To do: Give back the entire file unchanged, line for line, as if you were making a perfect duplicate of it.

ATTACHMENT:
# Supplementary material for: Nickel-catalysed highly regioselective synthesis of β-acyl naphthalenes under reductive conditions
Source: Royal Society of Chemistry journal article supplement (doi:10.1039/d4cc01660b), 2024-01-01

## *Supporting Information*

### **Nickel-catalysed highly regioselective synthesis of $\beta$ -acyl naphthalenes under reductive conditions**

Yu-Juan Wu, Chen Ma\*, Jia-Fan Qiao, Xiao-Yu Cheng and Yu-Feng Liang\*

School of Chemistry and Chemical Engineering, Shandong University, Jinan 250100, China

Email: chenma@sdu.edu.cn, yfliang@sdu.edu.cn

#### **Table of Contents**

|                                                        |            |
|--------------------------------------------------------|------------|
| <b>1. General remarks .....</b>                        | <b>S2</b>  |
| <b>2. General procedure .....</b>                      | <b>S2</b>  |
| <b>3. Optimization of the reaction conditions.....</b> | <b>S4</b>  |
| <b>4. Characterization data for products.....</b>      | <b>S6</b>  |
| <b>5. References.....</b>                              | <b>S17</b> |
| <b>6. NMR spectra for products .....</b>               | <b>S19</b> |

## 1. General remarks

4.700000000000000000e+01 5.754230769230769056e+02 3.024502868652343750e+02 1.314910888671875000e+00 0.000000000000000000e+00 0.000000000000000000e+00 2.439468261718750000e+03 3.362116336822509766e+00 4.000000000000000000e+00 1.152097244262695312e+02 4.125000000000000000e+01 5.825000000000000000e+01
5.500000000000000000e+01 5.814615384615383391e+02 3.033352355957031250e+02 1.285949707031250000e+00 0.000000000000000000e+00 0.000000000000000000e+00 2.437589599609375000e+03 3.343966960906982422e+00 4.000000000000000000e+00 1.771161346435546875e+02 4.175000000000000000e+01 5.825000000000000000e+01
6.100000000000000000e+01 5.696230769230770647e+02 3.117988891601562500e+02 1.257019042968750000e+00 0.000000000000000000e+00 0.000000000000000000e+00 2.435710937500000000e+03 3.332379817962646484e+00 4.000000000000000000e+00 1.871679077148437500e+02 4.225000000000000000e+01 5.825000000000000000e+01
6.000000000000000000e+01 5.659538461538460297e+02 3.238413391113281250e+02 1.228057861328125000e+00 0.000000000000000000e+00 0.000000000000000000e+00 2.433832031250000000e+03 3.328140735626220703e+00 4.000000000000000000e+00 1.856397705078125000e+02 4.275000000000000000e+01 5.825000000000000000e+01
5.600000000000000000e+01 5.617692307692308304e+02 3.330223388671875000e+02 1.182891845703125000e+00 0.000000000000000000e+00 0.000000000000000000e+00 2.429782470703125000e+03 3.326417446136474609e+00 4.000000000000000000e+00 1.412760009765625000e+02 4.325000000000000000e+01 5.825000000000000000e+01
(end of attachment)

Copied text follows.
# Supplementary material for: Nickel-catalysed highly regioselective synthesis of β-acyl naphthalenes under reductive conditions
Source: Royal Society of Chemistry journal article supplement (doi:10.1039/d4cc01660b), 2024-01-01

## *Supporting Information*

### **Nickel-catalysed highly regioselective synthesis of $\beta$ -acyl naphthalenes under reductive conditions**

Yu-Juan Wu, Chen Ma\*, Jia-Fan Qiao, Xiao-Yu Cheng and Yu-Feng Liang\*

School of Chemistry and Chemical Engineering, Shandong University, Jinan 250100, China

Email: chenma@sdu.edu.cn, yfliang@sdu.edu.cn

#### **Table of Contents**

|                                                        |            |
|--------------------------------------------------------|------------|
| <b>1. General remarks .....</b>                        | <b>S2</b>  |
| <b>2. General procedure .....</b>                      | <b>S2</b>  |
| <b>3. Optimization of the reaction conditions.....</b> | <b>S4</b>  |
| <b>4. Characterization data for products.....</b>      | <b>S6</b>  |
| <b>5. References.....</b>                              | <b>S17</b> |
| <b>6. NMR spectra for products .....</b>               | <b>S19</b> |

## 1. General remarks

4.700000000000000000e+01 5.754230769230769056e+02 3.024502868652343750e+02 1.314910888671875000e+00 0.000000000000000000e+00 0.000000000000000000e+00 2.439468261718750000e+03 3.362116336822509766e+00 4.000000000000000000e+00 1.152097244262695312e+02 4.125000000000000000e+01 5.825000000000000000e+01
5.500000000000000000e+01 5.814615384615383391e+02 3.033352355957031250e+02 1.285949707031250000e+00 0.000000000000000000e+00 0.000000000000000000e+00 2.437589599609375000e+03 3.343966960906982422e+00 4.000000000000000000e+00 1.771161346435546875e+02 4.175000000000000000e+01 5.825000000000000000e+01
6.100000000000000000e+01 5.696230769230770647e+02 3.117988891601562500e+02 1.257019042968750000e+00 0.000000000000000000e+00 0.000000000000000000e+00 2.435710937500000000e+03 3.332379817962646484e+00 4.000000000000000000e+00 1.871679077148437500e+02 4.225000000000000000e+01 5.825000000000000000e+01
6.000000000000000000e+01 5.659538461538460297e+02 3.238413391113281250e+02 1.228057861328125000e+00 0.000000000000000000e+00 0.000000000000000000e+00 2.433832031250000000e+03 3.328140735626220703e+00 4.000000000000000000e+00 1.856397705078125000e+02 4.275000000000000000e+01 5.825000000000000000e+01
5.600000000000000000e+01 5.617692307692308304e+02 3.330223388671875000e+02 1.182891845703125000e+00 0.000000000000000000e+00 0.000000000000000000e+00 2.429782470703125000e+03 3.326417446136474609e+00 4.000000000000000000e+00 1.412760009765625000e+02 4.325000000000000000e+01 5.825000000000000000e+01